the use of these models to assess the hazard and risk of chemicals is well understood and can be classified either by their exposure duration or specific endpoint. acute-exposure in vivo tests are used to estimate an appropriate dose range for further toxicity testing (acute toxicity range-finding tests), to establish the median lethal dose (LD50) or median lethal concentration (LC50). subacute studies, e.g. 28 day in vivo studies, are in use to identify primary target organs and select dosing for longer term studies. the longer term, subchronic repeated-dose in vivo models are used to investigate target-organ toxicity, determine the bioaccumulation potential and establish no observed adverse effect levels (noaeLs). they may influence the dose range selection for subsequent long-term testing. Chronic and carcinogenicity in vivo tests are long-term investigations into the cumulative effect of exposure to the test chemical for at least 12 months across multiple doses. the endpoint-specific in vivo models include reproductive-developmental toxicity, neurotoxicity, and immunotoxicity.

there are numerous limitations associated with the in vivo toxicity testing approach. the amount of time (typically, months to years) and expense (often hundreds of thousands of dollars) to generate and interpret in vivo results are impediments to their use, in particular when evaluating a large set of chemicals. For example, it may be impractical to employ in vivo testing as a toxicity screen during the R&D discovery phase where many candidates (potentially tens of thousands of chemicals) are being considered. Another limitation of the in vivo strategy is the evaluation of potential or theoretical impurities or degradants in pharmaceuticals and other products, which may be difficult to synthesize in sufficient quantity and quality for testing. there are also some regulatory restrictions to using animal models, such as the Cosmetics Directive in the European union.6

In vitro methods have been developed for certain endpoints. For genetic toxicity, many relevant in vitro assays have been developed and are being widely used to prioritize and assess the genetic toxicity of chemicals. These include the bacterial reverse mutation assay (often called the Ames assay),7 in vitro mammalian chromosomal aberration test,8 and in vitro mammalian cell micronucleus test.9 a number of in vitro assays in other areas have also been developed, such as in vitro dermal absorption methods,10 in vitro skin corrosion (human skin model test),11 in vitro endocrine disruptor activity,12 and so on. Many of these methods have been validated and standardized through international bodies and the generation and interpretation of the results has been documented as part of these guidelines (e.g. the European union Reference Laboratory for Alternatives to Animal testing,13 Interagency Coordinating Committee on the Validation of Alternative Methods,14 the oECD, and iCH). the time and cost to generate in vitro results is significantly less than in vivo tests. Despite an increasing number of tests that can maintain tissues or cells in culture for up to 14 days or longer, in vitro methods or combinations thereof are not yet available to assess complex in vivo endpoints such as local or systemic toxicity after repeated low exposure or developmental and reproductive toxicity. in an attempt to rectify this issue, there are currently a number of major initiatives to develop new in vitro methods to supplement and/or replace traditional in vivo models.15 however, the inter-relationship between organs is not yet present and systems such as organ-on-a-chip with the use of microfluidics may strengthen the case for in vitro models. Most of these model systems are still under development or have limited validation and have no appropriate guidelines. individually, they do not provide a complete replacement for in vivo tests, as they often only probe a specific biological event or mechanism, and therefore a battery of such tests is usually necessary. in the case of genetic toxicity, i.e. for which an understanding of the mode of action based on reactivity is available, the in vivo tests can be replaced by evidence from in vitro indicator tests such as the comet assay, the Ames test or micronucleus tests. they provide a helpful way of prioritizing in vivo follow-up tests as well as helping to understand the biological mechanism and relevance of any in vivo findings. the development of assessment frameworks/testing batteries for more complex endpoints such as systemic toxicology after repeated exposure that are relevant to the low doses humans are generally exposed to is still an active field of research.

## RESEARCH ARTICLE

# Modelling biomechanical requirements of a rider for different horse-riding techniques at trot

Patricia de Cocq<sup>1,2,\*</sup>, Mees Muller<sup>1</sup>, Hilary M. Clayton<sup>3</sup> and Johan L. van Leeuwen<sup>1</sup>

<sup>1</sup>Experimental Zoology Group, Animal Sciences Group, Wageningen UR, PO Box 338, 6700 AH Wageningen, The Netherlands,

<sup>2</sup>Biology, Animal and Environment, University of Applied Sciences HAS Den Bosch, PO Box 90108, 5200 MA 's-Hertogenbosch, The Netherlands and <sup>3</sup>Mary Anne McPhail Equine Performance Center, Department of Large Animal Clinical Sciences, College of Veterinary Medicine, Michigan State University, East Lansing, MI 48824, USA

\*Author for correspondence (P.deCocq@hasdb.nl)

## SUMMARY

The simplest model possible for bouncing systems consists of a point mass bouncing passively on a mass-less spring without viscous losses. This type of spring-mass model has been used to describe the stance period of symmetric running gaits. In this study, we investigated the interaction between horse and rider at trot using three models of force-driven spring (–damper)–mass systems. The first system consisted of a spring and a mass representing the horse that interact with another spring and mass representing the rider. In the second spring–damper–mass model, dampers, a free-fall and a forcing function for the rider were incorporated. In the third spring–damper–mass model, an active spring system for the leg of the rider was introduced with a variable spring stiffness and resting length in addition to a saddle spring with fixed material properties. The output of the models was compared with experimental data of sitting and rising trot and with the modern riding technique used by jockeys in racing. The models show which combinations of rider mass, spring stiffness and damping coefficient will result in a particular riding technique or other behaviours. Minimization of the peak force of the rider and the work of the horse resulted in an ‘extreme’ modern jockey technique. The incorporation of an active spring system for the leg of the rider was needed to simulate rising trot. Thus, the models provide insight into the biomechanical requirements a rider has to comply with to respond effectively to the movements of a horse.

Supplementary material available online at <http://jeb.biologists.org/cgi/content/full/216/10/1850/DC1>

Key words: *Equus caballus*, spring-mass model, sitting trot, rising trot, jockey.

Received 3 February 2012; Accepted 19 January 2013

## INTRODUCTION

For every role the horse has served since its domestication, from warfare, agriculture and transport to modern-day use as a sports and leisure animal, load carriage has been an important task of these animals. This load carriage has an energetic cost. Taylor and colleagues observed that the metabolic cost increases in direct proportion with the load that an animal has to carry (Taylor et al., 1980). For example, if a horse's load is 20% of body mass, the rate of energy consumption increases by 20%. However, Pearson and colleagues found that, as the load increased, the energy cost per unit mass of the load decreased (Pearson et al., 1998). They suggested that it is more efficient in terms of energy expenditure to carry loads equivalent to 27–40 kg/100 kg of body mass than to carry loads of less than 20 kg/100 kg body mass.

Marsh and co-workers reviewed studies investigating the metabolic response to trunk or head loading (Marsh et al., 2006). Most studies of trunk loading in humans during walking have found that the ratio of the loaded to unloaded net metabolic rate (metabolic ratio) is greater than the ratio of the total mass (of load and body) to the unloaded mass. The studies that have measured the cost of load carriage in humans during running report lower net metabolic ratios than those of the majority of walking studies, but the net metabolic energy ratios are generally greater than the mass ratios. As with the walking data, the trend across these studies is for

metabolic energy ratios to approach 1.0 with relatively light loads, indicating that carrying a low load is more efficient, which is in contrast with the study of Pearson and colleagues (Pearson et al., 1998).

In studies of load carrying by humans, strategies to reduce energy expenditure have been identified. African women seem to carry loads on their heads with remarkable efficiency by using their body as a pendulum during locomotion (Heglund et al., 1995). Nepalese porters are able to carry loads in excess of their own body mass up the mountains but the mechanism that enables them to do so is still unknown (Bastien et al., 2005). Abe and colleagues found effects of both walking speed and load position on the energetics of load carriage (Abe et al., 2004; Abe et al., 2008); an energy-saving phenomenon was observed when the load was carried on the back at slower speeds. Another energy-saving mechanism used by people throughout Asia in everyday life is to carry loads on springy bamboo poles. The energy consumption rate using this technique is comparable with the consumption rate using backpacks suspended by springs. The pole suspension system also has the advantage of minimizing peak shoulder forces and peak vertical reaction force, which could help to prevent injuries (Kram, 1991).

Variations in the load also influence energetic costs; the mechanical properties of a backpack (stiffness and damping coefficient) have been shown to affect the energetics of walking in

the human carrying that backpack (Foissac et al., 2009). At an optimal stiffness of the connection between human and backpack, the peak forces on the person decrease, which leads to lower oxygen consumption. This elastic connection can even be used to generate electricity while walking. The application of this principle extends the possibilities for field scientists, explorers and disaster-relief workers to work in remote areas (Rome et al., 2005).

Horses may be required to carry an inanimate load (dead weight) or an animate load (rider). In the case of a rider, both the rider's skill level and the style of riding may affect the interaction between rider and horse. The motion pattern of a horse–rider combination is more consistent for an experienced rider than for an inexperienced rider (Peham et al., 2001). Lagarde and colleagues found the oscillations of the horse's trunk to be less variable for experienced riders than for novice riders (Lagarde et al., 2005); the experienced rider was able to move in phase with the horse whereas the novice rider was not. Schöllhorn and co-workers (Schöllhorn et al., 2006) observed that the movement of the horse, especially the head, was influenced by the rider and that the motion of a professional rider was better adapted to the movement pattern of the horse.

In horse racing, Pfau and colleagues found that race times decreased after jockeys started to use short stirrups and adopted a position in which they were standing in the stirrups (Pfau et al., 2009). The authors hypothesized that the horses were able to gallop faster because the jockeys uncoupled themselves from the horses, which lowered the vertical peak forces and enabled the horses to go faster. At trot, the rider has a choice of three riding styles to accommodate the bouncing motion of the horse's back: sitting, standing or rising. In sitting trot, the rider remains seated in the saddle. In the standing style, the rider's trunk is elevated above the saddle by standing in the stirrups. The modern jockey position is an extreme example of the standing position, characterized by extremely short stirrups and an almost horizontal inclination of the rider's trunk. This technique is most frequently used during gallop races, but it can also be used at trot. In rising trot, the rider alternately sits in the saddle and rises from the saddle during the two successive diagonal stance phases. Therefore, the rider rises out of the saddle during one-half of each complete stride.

there is an increasing number of in silico models for toxicological endpoints. some of these models offer significant benefits over existing in vivo or in vitro models. First, they require no material and will make a prediction from the chemical structure alone. once the models are built, they are usually fast and cheap to run. this supports their use in screening large volumes of chemicals. these methodologies often provide an indication of the structural basis (i.e. highlighting a portion of the molecule) for any positive (or negative) predictions that in vivo or in vitro models do not provide. this is particularly important in supporting the redesign of candidate chemicals to help avoid the projected toxicity (while retaining other desirable properties).